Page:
- Taxes may increase over the medium to long term to pay for government pandemic stimulus and recovery programs
- Tax changes hinge on the interplay of politics, elections, scheduled phase outs, and the economy
- State and local taxes and fees may be more likely to see legislative increase than federal taxes
- Our portfolios and investments leverage the benefits of tax advantaged accounts and investments, diversification, and long-term growth prospects, along with the synergies of a multidisciplinary family office team
My emails and perspectives are two-way communications; I appreciate the feedback, critique, and questions that I have received from many of our clients as well as industry professionals. They have been very helpful for Jim, Susan, and I, and have been the basis for several of my written perspectives. Once again, today’s missive is based on a client’s question regarding taxes – thank you. I’ve written about the momentous flood of dollars the U.S. government is throwing at the economic malaise caused by the pandemic shutdown, the trillions of dollars of defensive and offensive monetary (from the Federal Reserve) and fiscal (from congress and the administration) stimulus. The question is how will the government pay for this stimulus; will there be an increase in taxes? In short, it depends; but over time, probably yes.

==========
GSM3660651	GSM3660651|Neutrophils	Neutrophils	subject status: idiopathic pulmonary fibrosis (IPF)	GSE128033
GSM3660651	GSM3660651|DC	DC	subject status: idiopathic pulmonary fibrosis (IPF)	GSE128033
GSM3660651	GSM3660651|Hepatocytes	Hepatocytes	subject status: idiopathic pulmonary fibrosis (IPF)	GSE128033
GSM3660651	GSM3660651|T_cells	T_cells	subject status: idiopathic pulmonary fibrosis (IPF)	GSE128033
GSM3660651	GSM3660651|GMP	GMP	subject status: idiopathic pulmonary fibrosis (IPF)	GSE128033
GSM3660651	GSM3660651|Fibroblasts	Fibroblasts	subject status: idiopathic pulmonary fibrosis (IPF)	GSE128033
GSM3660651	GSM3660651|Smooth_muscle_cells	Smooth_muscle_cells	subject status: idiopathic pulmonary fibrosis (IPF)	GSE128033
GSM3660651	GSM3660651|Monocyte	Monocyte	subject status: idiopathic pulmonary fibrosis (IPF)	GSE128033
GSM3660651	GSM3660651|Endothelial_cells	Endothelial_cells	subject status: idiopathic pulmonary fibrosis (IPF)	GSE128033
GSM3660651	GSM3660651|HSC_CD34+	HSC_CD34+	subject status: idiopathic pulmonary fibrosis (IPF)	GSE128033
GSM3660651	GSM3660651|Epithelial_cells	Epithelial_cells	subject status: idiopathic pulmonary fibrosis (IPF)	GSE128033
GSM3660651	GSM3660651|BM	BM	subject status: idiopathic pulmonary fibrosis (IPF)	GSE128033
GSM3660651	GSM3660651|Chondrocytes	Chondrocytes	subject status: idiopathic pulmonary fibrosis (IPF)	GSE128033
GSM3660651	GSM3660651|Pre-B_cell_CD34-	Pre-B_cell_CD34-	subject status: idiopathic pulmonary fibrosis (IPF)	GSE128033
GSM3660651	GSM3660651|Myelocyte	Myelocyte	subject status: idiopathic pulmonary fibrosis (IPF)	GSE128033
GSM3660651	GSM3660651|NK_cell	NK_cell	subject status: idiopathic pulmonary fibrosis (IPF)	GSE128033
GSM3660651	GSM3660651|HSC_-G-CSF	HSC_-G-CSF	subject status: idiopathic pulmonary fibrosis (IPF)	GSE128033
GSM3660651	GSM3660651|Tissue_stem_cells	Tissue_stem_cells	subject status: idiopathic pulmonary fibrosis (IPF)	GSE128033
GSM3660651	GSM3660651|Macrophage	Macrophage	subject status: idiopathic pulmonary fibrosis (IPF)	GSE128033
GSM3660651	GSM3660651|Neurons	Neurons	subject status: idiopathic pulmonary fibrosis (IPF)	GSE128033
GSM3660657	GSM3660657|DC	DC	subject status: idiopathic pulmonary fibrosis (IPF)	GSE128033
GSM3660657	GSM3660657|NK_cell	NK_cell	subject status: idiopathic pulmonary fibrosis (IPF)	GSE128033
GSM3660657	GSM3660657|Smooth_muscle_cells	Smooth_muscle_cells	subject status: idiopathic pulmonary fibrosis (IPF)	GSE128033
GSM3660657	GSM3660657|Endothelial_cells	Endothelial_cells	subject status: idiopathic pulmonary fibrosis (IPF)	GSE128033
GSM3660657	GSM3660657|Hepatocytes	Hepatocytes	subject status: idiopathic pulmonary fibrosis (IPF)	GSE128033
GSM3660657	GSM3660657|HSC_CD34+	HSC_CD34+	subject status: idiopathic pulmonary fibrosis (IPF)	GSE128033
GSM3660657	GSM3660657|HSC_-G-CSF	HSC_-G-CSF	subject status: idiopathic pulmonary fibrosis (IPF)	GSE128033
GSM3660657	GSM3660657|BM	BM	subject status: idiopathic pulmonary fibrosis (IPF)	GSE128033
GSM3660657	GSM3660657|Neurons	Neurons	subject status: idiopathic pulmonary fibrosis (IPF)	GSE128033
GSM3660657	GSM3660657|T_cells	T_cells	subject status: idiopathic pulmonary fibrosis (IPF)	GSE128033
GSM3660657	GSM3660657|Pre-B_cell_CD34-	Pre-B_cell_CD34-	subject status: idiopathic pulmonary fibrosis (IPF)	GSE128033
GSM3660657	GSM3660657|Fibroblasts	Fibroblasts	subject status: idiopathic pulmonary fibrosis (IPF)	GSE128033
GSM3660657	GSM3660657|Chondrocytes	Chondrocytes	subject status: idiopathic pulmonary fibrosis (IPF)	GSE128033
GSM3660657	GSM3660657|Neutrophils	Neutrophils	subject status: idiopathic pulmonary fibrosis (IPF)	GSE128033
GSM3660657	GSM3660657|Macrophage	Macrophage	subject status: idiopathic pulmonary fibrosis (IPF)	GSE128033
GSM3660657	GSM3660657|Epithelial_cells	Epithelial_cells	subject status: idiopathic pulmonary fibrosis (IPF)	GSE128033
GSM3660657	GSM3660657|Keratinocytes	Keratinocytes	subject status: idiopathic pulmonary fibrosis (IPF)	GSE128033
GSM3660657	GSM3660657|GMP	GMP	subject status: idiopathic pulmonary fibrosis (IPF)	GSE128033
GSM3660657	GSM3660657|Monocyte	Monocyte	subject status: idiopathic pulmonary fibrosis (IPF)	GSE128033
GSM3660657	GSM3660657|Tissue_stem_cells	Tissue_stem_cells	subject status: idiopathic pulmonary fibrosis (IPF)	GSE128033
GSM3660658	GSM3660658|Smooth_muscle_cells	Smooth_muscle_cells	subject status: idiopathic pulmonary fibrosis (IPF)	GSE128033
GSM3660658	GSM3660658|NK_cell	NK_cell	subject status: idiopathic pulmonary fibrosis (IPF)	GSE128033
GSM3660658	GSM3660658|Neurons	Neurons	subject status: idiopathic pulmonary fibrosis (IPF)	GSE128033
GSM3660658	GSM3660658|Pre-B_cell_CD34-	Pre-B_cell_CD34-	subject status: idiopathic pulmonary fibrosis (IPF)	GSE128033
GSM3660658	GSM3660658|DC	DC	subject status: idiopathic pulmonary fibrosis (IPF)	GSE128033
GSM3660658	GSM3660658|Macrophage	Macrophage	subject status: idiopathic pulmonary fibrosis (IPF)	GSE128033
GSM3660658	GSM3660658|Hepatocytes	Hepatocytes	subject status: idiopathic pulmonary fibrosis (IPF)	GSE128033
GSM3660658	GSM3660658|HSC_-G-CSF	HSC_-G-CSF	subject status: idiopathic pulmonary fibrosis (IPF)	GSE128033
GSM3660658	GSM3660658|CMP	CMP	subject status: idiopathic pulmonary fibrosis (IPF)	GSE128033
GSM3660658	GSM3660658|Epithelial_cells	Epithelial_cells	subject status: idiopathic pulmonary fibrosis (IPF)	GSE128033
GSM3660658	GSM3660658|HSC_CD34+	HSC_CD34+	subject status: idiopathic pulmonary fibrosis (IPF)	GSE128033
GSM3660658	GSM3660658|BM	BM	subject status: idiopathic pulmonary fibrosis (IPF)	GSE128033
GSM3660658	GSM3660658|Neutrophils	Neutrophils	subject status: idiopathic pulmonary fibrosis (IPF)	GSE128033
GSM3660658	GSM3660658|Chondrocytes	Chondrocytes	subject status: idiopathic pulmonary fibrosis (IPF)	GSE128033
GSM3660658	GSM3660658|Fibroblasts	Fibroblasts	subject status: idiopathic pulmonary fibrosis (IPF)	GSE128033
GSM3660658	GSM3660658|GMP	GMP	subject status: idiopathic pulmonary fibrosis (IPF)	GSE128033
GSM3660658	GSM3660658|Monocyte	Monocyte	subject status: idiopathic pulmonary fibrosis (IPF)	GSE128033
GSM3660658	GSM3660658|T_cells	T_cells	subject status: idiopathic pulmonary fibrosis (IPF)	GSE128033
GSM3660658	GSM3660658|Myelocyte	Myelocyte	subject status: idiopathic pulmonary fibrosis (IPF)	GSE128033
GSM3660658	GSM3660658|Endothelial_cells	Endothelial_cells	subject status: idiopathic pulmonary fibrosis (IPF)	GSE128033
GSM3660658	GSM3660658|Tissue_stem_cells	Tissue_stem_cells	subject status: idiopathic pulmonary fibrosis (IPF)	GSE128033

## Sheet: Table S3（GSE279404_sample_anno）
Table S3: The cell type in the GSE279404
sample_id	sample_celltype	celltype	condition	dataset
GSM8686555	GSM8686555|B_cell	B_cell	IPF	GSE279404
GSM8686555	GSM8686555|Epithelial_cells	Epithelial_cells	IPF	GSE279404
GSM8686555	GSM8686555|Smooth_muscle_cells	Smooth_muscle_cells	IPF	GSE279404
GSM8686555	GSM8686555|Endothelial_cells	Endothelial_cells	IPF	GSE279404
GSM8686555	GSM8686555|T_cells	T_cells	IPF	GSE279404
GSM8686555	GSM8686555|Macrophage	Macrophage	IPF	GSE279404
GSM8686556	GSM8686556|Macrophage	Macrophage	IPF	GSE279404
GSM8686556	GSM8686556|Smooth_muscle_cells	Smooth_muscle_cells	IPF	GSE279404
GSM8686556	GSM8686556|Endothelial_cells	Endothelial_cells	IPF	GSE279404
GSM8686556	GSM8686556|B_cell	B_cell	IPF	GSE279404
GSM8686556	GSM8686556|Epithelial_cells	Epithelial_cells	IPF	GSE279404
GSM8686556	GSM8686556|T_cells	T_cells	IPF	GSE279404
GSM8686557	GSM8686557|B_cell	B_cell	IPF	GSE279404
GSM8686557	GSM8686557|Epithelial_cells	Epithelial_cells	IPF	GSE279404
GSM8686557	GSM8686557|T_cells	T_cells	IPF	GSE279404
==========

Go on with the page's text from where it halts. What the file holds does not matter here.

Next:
The chance and timing of increased U.S. taxes depends on several factors: when, how, what, and where.
- When – near-term timing – when and how strong the economy recovers from the pandemic
- How – November elections – Trump versus Biden and does congress remain split or fall under one party’s sway
- What and Where – there are several types of taxes – Federal versus state and local
- When again – long-term timing – this is a question of years, not months
The U.S. government is spending trillions of dollars to prop up and stimulate the economy while people and businesses fight off COVID-19 infections and shutdowns. Additionally, Federal and state governments have pushed out the due date on annual taxes from April 15 to July 15 in order to help balance sheets. U.S. taxes will probably not meaningfully increase in the near term, mainly because it would be figuratively equivalent to kicking the economy in the legs while extending an arm to pull it up.